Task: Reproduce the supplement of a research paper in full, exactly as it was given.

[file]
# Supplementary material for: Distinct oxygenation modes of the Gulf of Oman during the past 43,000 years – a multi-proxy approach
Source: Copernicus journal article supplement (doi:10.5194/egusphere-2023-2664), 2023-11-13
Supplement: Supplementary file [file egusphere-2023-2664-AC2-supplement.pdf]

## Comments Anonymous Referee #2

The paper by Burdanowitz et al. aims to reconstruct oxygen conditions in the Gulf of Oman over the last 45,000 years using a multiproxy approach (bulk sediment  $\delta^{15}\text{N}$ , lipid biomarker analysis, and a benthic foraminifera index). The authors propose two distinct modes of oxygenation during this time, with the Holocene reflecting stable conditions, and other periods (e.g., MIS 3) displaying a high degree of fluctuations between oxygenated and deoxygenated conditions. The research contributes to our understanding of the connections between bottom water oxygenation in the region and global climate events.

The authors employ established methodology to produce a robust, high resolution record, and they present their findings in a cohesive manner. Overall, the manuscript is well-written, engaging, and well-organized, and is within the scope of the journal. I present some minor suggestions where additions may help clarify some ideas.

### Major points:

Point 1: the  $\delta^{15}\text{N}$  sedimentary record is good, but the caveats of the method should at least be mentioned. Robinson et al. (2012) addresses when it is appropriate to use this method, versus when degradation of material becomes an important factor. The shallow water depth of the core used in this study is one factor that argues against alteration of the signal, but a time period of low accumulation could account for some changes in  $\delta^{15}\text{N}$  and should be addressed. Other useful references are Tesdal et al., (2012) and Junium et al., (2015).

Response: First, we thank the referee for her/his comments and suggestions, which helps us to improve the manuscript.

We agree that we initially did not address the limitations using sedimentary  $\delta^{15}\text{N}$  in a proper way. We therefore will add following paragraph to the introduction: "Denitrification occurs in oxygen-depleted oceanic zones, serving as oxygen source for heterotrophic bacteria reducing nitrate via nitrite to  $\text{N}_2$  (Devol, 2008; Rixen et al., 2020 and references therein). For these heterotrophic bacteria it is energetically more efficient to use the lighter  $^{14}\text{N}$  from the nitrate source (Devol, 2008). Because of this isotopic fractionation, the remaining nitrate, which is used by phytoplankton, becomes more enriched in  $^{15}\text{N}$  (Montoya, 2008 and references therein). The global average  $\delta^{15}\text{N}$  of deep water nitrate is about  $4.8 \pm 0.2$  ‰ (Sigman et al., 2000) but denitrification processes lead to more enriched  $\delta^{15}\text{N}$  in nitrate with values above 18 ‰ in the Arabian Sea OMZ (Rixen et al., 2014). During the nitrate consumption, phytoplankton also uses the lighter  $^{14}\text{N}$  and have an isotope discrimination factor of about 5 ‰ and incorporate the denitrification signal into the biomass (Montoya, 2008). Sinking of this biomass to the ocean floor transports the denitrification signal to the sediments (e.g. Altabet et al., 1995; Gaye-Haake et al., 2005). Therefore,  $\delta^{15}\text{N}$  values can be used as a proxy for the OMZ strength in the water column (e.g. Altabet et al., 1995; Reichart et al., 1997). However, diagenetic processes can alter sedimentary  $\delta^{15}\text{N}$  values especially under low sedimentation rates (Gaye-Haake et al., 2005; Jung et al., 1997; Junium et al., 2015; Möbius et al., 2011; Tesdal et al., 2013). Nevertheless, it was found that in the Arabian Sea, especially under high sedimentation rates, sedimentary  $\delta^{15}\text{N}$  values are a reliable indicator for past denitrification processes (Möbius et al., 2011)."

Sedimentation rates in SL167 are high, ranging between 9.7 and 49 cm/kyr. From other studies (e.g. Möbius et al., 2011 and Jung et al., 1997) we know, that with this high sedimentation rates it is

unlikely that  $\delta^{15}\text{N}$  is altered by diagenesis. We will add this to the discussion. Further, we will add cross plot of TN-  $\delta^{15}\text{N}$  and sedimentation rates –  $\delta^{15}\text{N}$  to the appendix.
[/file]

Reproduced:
# Supplementary material for: Distinct oxygenation modes of the Gulf of Oman during the past 43,000 years – a multi-proxy approach
Source: Copernicus journal article supplement (doi:10.5194/egusphere-2023-2664), 2023-11-13
Supplement: Supplementary file [file egusphere-2023-2664-AC2-supplement.pdf]

## Comments Anonymous Referee #2

The paper by Burdanowitz et al. aims to reconstruct oxygen conditions in the Gulf of Oman over the last 45,000 years using a multiproxy approach (bulk sediment  $\delta^{15}\text{N}$ , lipid biomarker analysis, and a benthic foraminifera index). The authors propose two distinct modes of oxygenation during this time, with the Holocene reflecting stable conditions, and other periods (e.g., MIS 3) displaying a high degree of fluctuations between oxygenated and deoxygenated conditions. The research contributes to our understanding of the connections between bottom water oxygenation in the region and global climate events.

The authors employ established methodology to produce a robust, high resolution record, and they present their findings in a cohesive manner. Overall, the manuscript is well-written, engaging, and well-organized, and is within the scope of the journal. I present some minor suggestions where additions may help clarify some ideas.

### Major points:

Point 1: the  $\delta^{15}\text{N}$  sedimentary record is good, but the caveats of the method should at least be mentioned. Robinson et al. (2012) addresses when it is appropriate to use this method, versus when degradation of material becomes an important factor. The shallow water depth of the core used in this study is one factor that argues against alteration of the signal, but a time period of low accumulation could account for some changes in  $\delta^{15}\text{N}$  and should be addressed. Other useful references are Tesdal et al., (2012) and Junium et al., (2015).

Response: First, we thank the referee for her/his comments and suggestions, which helps us to improve the manuscript.

We agree that we initially did not address the limitations using sedimentary  $\delta^{15}\text{N}$  in a proper way. We therefore will add following paragraph to the introduction: "Denitrification occurs in oxygen-depleted oceanic zones, serving as oxygen source for heterotrophic bacteria reducing nitrate via nitrite to  $\text{N}_2$  (Devol, 2008; Rixen et al., 2020 and references therein). For these heterotrophic bacteria it is energetically more efficient to use the lighter  $^{14}\text{N}$  from the nitrate source (Devol, 2008). Because of this isotopic fractionation, the remaining nitrate, which is used by phytoplankton, becomes more enriched in  $^{15}\text{N}$  (Montoya, 2008 and references therein). The global average  $\delta^{15}\text{N}$  of deep water nitrate is about  $4.8 \pm 0.2$  ‰ (Sigman et al., 2000) but denitrification processes lead to more enriched  $\delta^{15}\text{N}$  in nitrate with values above 18 ‰ in the Arabian Sea OMZ (Rixen et al., 2014). During the nitrate consumption, phytoplankton also uses the lighter  $^{14}\text{N}$  and have an isotope discrimination factor of about 5 ‰ and incorporate the denitrification signal into the biomass (Montoya, 2008). Sinking of this biomass to the ocean floor transports the denitrification signal to the sediments (e.g. Altabet et al., 1995; Gaye-Haake et al., 2005). Therefore,  $\delta^{15}\text{N}$  values can be used as a proxy for the OMZ strength in the water column (e.g. Altabet et al., 1995; Reichart et al., 1997). However, diagenetic processes can alter sedimentary  $\delta^{15}\text{N}$  values especially under low sedimentation rates (Gaye-Haake et al., 2005; Jung et al., 1997; Junium et al., 2015; Möbius et al., 2011; Tesdal et al., 2013). Nevertheless, it was found that in the Arabian Sea, especially under high sedimentation rates, sedimentary  $\delta^{15}\text{N}$  values are a reliable indicator for past denitrification processes (Möbius et al., 2011)."

Sedimentation rates in SL167 are high, ranging between 9.7 and 49 cm/kyr. From other studies (e.g. Möbius et al., 2011 and Jung et al., 1997) we know, that with this high sedimentation rates it is

unlikely that  $\delta^{15}\text{N}$  is altered by diagenesis. We will add this to the discussion. Further, we will add cross plot of TN-  $\delta^{15}\text{N}$  and sedimentation rates –  $\delta^{15}\text{N}$  to the appendix.